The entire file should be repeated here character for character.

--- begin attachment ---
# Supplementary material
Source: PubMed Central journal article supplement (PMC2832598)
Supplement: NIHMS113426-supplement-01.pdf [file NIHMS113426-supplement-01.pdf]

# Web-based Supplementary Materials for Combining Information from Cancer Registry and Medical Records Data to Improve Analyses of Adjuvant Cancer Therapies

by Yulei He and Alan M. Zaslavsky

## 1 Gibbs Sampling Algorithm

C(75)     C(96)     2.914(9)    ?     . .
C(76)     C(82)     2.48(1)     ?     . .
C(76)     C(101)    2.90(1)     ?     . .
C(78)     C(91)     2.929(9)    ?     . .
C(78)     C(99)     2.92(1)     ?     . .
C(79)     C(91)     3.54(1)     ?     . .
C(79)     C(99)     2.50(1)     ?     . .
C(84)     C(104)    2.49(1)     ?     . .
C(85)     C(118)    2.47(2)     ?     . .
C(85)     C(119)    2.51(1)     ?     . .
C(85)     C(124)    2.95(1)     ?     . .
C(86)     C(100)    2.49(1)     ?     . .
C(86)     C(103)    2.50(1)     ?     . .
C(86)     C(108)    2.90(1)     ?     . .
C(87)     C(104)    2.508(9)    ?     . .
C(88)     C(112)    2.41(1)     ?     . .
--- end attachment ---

# Supplementary material
Source: PubMed Central journal article supplement (PMC2832598)
Supplement: NIHMS113426-supplement-01.pdf [file NIHMS113426-supplement-01.pdf]

# Web-based Supplementary Materials for Combining Information from Cancer Registry and Medical Records Data to Improve Analyses of Adjuvant Cancer Therapies

by Yulei He and Alan M. Zaslavsky

## 1 Gibbs Sampling Algorithm

C(75)     C(96)     2.914(9)    ?     . .
C(76)     C(82)     2.48(1)     ?     . .
C(76)     C(101)    2.90(1)     ?     . .
C(78)     C(91)     2.929(9)    ?     . .
C(78)     C(99)     2.92(1)     ?     . .
C(79)     C(91)     3.54(1)     ?     . .
C(79)     C(99)     2.50(1)     ?     . .
C(84)     C(104)    2.49(1)     ?     . .
C(85)     C(118)    2.47(2)     ?     . .
C(85)     C(119)    2.51(1)     ?     . .
C(85)     C(124)    2.95(1)     ?     . .
C(86)     C(100)    2.49(1)     ?     . .
C(86)     C(103)    2.50(1)     ?     . .
C(86)     C(108)    2.90(1)     ?     . .
C(87)     C(104)    2.508(9)    ?     . .
C(88)     C(112)    2.41(1)     ?     . .